A coral reef facing certain destruction was moved from harm’s way. Will it survive?
We care about corals, an indicator species to global warming, and an integral part of the marine life ecosystem. That’s why all the construction development in the Gulf (with or without a debt hold) scares us.
Some hopeful news: a group of coral, located near the Persian Gulf off-shore Safaniyah oil field, was in danger of being destroyed by an oil pipeline being laid in the area where they were located.
But the oil company relocated them.
The coral reef or assemblage was discovered only 100 meters offshore in the Safaniyah oil field, said to be one of the largest offshore oil fields in the world, and now producing as much as 350,000 barrels of oil a day from 25 wells.
Being right in the way of a trench being dug for a new oil pipeline, an ARAMCO spokesman said that the excavation would have destroyed the corals and it was decided to move them to another location after trying to protect the coral by using a process known as mitigation measures which are often to lessen the environmentally destructive impact of various construction projects on the natural surroundings.
The coral assemblages were moved by special contracting companies, Reef Ball Australia and Reef Ball USA, who are specialized in relocating natural coral formations as well as constructing new artificial reefs for the growing of new coral assemblages.
The project took three weeks to complete and moved over 500 small colonies of coral to a new areas 700 meters away and a similar distance from the beach. Other marine life species, including fish and invertebrates were moved as well.
The operation was said to have occurred during a cuttlefish breeding season, which resulted in cuttlefish eggs being deposited in a number on unusual places, including concrete coral bases, diving gear, coral transfer baskets, and coral colony tags found in the nursery area.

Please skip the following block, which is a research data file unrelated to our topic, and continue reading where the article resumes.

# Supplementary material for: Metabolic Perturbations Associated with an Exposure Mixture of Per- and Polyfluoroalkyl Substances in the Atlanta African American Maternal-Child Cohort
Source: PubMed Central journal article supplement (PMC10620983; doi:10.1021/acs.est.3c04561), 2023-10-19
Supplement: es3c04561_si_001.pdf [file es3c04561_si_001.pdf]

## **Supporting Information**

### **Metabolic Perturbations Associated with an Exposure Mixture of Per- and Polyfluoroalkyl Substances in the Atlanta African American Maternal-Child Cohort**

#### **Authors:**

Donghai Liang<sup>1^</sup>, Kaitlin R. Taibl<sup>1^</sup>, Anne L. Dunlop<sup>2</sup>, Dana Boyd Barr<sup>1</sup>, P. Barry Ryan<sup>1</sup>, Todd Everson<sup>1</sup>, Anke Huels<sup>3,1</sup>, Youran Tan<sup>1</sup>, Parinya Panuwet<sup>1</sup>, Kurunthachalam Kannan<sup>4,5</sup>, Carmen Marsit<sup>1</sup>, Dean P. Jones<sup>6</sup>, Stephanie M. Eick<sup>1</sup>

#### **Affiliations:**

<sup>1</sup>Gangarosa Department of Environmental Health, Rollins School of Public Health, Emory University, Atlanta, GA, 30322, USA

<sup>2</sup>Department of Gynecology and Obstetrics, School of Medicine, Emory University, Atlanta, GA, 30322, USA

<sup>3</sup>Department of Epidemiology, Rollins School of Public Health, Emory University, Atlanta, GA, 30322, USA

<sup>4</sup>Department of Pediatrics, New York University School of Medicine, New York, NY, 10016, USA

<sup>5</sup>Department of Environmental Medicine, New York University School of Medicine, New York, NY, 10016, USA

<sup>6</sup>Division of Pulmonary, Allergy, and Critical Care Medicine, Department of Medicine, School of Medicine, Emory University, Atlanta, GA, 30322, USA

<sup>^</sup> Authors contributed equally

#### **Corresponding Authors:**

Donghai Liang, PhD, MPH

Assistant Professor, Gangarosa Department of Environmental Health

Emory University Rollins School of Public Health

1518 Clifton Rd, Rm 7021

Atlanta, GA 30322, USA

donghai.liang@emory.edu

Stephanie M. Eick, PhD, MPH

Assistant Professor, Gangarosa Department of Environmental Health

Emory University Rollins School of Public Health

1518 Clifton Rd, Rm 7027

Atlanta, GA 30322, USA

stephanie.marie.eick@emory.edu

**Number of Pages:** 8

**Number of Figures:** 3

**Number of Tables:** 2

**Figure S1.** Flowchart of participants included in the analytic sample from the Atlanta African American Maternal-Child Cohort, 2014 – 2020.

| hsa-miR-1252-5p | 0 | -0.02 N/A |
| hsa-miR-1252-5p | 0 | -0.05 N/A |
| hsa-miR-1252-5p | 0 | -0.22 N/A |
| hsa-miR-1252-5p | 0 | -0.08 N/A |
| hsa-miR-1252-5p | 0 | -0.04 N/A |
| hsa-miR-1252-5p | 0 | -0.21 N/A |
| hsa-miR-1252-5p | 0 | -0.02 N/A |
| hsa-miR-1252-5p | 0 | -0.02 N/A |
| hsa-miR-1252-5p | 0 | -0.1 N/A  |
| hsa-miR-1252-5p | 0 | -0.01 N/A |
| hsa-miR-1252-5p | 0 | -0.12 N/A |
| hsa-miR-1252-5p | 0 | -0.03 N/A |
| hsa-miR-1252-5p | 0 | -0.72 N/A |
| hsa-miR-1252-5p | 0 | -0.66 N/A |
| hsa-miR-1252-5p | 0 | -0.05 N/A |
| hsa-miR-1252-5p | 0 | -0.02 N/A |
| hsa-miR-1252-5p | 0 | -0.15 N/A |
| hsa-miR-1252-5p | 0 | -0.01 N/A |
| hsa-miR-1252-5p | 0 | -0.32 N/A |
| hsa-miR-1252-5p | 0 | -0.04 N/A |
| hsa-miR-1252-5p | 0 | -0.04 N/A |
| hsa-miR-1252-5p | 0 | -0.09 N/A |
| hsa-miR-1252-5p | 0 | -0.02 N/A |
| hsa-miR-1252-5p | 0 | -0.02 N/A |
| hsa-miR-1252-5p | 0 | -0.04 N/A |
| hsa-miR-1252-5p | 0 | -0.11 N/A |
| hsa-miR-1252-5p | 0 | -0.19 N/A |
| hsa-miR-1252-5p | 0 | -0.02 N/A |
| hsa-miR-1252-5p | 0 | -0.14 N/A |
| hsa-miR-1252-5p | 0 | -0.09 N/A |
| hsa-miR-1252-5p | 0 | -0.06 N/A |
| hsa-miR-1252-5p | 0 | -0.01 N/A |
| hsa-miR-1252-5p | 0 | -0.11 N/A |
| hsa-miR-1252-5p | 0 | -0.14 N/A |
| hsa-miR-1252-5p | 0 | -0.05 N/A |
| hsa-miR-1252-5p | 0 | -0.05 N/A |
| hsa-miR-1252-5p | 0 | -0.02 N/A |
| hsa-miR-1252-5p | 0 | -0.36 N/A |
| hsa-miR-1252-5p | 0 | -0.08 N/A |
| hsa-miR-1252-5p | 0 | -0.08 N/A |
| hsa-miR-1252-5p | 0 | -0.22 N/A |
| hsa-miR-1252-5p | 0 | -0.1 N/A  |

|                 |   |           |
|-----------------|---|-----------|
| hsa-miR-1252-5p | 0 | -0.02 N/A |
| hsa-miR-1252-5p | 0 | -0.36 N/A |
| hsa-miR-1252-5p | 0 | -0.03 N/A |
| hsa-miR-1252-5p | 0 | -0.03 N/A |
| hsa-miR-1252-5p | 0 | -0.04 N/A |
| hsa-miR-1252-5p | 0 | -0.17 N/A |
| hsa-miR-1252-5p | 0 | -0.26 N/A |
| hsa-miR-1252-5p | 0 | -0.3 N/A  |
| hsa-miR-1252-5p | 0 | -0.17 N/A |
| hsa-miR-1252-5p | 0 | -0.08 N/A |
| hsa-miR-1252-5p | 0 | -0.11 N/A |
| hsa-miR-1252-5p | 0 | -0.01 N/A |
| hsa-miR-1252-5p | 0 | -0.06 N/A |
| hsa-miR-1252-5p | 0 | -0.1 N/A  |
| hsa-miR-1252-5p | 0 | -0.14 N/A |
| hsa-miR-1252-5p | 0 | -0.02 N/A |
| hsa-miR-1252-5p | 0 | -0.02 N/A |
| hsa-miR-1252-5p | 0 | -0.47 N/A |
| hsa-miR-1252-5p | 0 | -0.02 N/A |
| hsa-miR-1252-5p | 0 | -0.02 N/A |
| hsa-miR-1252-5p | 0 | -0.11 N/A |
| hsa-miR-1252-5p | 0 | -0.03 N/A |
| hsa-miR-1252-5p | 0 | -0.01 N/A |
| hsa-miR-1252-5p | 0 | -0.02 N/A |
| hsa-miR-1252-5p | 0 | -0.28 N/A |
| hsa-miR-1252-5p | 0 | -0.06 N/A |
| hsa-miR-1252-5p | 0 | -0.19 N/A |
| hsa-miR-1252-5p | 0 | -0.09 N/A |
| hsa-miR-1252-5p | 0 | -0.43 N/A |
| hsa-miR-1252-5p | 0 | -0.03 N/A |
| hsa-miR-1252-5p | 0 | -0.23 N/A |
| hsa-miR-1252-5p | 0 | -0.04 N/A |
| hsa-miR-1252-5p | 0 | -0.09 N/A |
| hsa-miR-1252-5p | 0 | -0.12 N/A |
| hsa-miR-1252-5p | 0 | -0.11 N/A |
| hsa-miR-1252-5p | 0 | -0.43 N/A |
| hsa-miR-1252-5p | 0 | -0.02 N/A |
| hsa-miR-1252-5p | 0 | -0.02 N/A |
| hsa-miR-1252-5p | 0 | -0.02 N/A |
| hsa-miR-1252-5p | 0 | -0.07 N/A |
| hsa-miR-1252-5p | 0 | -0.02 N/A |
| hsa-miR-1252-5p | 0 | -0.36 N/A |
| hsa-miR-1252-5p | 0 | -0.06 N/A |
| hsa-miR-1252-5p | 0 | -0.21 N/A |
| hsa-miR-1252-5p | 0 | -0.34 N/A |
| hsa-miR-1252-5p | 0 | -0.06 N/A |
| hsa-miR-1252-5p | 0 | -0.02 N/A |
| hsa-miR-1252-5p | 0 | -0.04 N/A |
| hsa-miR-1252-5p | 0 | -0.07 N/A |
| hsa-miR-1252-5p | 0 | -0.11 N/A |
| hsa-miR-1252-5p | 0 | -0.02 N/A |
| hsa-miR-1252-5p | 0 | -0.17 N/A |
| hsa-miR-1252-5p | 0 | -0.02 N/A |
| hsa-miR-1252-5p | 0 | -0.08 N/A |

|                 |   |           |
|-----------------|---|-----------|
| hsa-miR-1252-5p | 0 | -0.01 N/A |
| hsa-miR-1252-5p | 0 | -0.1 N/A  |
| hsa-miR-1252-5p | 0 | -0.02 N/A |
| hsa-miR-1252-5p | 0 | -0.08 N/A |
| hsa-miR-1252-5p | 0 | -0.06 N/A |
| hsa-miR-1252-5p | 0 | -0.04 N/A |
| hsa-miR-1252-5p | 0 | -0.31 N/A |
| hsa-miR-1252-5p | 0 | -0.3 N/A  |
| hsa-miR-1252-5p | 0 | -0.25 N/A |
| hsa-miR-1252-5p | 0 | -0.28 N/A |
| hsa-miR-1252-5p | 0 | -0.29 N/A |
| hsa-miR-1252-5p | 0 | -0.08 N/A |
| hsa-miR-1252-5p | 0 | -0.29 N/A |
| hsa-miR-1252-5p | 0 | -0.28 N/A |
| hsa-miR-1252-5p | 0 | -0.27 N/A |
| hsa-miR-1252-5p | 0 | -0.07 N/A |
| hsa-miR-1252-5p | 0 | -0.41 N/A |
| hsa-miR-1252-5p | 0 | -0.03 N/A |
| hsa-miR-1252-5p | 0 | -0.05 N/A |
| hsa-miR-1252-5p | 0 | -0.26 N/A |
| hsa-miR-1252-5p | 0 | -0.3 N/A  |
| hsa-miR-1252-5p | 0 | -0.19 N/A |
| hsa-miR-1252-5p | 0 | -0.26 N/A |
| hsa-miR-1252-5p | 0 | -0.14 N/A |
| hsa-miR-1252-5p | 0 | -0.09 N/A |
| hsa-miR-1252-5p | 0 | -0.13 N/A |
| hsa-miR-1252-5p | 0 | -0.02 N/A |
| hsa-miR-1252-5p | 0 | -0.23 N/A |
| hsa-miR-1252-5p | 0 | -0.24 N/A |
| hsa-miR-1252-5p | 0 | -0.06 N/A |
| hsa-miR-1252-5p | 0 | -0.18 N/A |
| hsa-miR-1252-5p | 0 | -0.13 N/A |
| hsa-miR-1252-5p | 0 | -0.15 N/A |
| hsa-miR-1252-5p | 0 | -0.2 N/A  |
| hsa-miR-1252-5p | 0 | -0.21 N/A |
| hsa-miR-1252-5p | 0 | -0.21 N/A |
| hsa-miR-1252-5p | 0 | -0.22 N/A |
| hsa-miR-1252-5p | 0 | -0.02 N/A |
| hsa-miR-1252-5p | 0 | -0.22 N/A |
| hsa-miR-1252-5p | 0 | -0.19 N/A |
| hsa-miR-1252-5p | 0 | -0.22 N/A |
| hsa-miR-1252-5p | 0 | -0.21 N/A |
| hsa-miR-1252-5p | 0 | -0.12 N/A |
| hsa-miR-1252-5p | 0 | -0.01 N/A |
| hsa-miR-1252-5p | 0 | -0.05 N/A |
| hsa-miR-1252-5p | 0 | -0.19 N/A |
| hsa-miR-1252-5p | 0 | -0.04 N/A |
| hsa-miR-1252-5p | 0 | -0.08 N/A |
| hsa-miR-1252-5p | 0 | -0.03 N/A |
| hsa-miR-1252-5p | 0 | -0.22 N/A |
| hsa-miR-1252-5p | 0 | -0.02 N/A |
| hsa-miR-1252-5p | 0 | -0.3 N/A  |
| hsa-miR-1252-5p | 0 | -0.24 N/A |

Marine biological experts, working with ARAMCO, the Saudi state-owned oil company, said the transfer operation saved the corals from certain destruction; and that new artificial concrete bases installed to the coral to attach themselves to will help preserve the coral population in the area.
With this project taking place in the Persian Gulf, and virtually in so large an off-shore oil field, it appears that oil companies like ARAMCO are trying to preserve area marine life, while drilling and extracting the very substance that is contributing the most to global warming.
With this in mind, we can all wonder for how long coral formations and other marine life will be able to remain in bodies of water like the Persian Gulf, especially due to all the other environmental problems this area has, as we’ve covered a number of times on Green Prophet. This is especially true in light of all the commercial construction projects currently going on in places like Dubai and Abu Dhabi, also located in the Persian Gulf.